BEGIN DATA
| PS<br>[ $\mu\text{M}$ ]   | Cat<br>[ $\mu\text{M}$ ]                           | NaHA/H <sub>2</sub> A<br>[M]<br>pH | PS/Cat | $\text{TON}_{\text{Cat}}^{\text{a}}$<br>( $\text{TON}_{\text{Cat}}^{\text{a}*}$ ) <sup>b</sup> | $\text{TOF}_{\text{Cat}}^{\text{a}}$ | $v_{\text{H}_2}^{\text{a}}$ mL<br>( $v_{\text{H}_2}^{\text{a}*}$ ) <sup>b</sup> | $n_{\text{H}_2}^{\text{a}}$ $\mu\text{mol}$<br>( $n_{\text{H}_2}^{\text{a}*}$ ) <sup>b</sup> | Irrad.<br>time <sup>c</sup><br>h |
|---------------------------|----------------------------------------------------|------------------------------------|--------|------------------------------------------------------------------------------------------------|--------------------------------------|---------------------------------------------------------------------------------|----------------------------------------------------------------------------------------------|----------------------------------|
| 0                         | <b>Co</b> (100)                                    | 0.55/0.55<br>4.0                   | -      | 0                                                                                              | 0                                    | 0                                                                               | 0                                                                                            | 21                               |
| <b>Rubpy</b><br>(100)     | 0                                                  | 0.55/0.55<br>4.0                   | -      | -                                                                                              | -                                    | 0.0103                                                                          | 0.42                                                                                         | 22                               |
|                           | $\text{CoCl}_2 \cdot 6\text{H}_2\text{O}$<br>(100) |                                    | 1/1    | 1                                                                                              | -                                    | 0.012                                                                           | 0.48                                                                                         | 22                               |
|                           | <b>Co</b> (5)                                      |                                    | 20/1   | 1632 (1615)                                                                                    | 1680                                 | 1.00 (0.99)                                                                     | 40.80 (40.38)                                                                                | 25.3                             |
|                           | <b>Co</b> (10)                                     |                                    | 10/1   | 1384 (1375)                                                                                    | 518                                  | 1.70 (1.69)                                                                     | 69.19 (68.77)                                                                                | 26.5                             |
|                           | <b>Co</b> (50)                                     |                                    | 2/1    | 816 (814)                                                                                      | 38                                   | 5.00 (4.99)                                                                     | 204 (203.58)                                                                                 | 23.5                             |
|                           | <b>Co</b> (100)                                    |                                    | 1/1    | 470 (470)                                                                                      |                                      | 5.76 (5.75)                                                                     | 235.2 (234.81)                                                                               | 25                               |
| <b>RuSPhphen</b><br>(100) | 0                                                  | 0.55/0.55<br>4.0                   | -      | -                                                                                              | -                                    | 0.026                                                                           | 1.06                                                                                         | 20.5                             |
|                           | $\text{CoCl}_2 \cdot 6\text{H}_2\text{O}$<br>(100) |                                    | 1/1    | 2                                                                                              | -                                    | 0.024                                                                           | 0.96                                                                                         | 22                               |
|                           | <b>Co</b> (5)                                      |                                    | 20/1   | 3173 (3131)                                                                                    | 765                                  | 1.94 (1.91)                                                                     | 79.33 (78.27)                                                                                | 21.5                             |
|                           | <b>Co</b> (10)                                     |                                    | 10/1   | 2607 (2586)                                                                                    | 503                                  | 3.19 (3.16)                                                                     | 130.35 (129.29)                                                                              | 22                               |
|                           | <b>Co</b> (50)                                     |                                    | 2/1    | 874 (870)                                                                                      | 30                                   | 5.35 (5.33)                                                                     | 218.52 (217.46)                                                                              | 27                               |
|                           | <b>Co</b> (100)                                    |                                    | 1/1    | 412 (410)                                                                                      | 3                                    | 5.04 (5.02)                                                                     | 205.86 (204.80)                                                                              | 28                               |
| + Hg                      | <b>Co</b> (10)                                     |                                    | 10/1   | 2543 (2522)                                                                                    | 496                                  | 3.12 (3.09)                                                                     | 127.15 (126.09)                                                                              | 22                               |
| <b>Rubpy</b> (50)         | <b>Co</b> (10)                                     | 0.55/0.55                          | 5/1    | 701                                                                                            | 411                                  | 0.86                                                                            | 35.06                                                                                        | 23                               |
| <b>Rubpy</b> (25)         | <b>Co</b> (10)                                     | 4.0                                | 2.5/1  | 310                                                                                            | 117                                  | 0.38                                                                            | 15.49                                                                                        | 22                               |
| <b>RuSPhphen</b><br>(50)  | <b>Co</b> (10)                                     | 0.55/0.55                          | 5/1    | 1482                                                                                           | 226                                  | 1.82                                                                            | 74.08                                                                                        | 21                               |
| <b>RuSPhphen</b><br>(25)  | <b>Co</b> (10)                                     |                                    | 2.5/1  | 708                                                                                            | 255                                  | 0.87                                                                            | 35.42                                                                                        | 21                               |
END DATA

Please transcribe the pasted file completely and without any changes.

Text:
| PS<br>[ $\mu\text{M}$ ]   | Cat<br>[ $\mu\text{M}$ ]                           | NaHA/H <sub>2</sub> A<br>[M]<br>pH | PS/Cat | $\text{TON}_{\text{Cat}}^{\text{a}}$<br>( $\text{TON}_{\text{Cat}}^{\text{a}*}$ ) <sup>b</sup> | $\text{TOF}_{\text{Cat}}^{\text{a}}$ | $v_{\text{H}_2}^{\text{a}}$ mL<br>( $v_{\text{H}_2}^{\text{a}*}$ ) <sup>b</sup> | $n_{\text{H}_2}^{\text{a}}$ $\mu\text{mol}$<br>( $n_{\text{H}_2}^{\text{a}*}$ ) <sup>b</sup> | Irrad.<br>time <sup>c</sup><br>h |
|---------------------------|----------------------------------------------------|------------------------------------|--------|------------------------------------------------------------------------------------------------|--------------------------------------|---------------------------------------------------------------------------------|----------------------------------------------------------------------------------------------|----------------------------------|
| 0                         | <b>Co</b> (100)                                    | 0.55/0.55<br>4.0                   | -      | 0                                                                                              | 0                                    | 0                                                                               | 0                                                                                            | 21                               |
| <b>Rubpy</b><br>(100)     | 0                                                  | 0.55/0.55<br>4.0                   | -      | -                                                                                              | -                                    | 0.0103                                                                          | 0.42                                                                                         | 22                               |
|                           | $\text{CoCl}_2 \cdot 6\text{H}_2\text{O}$<br>(100) |                                    | 1/1    | 1                                                                                              | -                                    | 0.012                                                                           | 0.48                                                                                         | 22                               |
|                           | <b>Co</b> (5)                                      |                                    | 20/1   | 1632 (1615)                                                                                    | 1680                                 | 1.00 (0.99)                                                                     | 40.80 (40.38)                                                                                | 25.3                             |
|                           | <b>Co</b> (10)                                     |                                    | 10/1   | 1384 (1375)                                                                                    | 518                                  | 1.70 (1.69)                                                                     | 69.19 (68.77)                                                                                | 26.5                             |
|                           | <b>Co</b> (50)                                     |                                    | 2/1    | 816 (814)                                                                                      | 38                                   | 5.00 (4.99)                                                                     | 204 (203.58)                                                                                 | 23.5                             |
|                           | <b>Co</b> (100)                                    |                                    | 1/1    | 470 (470)                                                                                      |                                      | 5.76 (5.75)                                                                     | 235.2 (234.81)                                                                               | 25                               |
| <b>RuSPhphen</b><br>(100) | 0                                                  | 0.55/0.55<br>4.0                   | -      | -                                                                                              | -                                    | 0.026                                                                           | 1.06                                                                                         | 20.5                             |
|                           | $\text{CoCl}_2 \cdot 6\text{H}_2\text{O}$<br>(100) |                                    | 1/1    | 2                                                                                              | -                                    | 0.024                                                                           | 0.96                                                                                         | 22                               |
|                           | <b>Co</b> (5)                                      |                                    | 20/1   | 3173 (3131)                                                                                    | 765                                  | 1.94 (1.91)                                                                     | 79.33 (78.27)                                                                                | 21.5                             |
|                           | <b>Co</b> (10)                                     |                                    | 10/1   | 2607 (2586)                                                                                    | 503                                  | 3.19 (3.16)                                                                     | 130.35 (129.29)                                                                              | 22                               |
|                           | <b>Co</b> (50)                                     |                                    | 2/1    | 874 (870)                                                                                      | 30                                   | 5.35 (5.33)                                                                     | 218.52 (217.46)                                                                              | 27                               |
|                           | <b>Co</b> (100)                                    |                                    | 1/1    | 412 (410)                                                                                      | 3                                    | 5.04 (5.02)                                                                     | 205.86 (204.80)                                                                              | 28                               |
| + Hg                      | <b>Co</b> (10)                                     |                                    | 10/1   | 2543 (2522)                                                                                    | 496                                  | 3.12 (3.09)                                                                     | 127.15 (126.09)                                                                              | 22                               |
| <b>Rubpy</b> (50)         | <b>Co</b> (10)                                     | 0.55/0.55                          | 5/1    | 701                                                                                            | 411                                  | 0.86                                                                            | 35.06                                                                                        | 23                               |
| <b>Rubpy</b> (25)         | <b>Co</b> (10)                                     | 4.0                                | 2.5/1  | 310                                                                                            | 117                                  | 0.38                                                                            | 15.49                                                                                        | 22                               |
| <b>RuSPhphen</b><br>(50)  | <b>Co</b> (10)                                     | 0.55/0.55                          | 5/1    | 1482                                                                                           | 226                                  | 1.82                                                                            | 74.08                                                                                        | 21                               |
| <b>RuSPhphen</b><br>(25)  | <b>Co</b> (10)                                     |                                    | 2.5/1  | 708                                                                                            | 255                                  | 0.87                                                                            | 35.42                                                                                        | 21                               |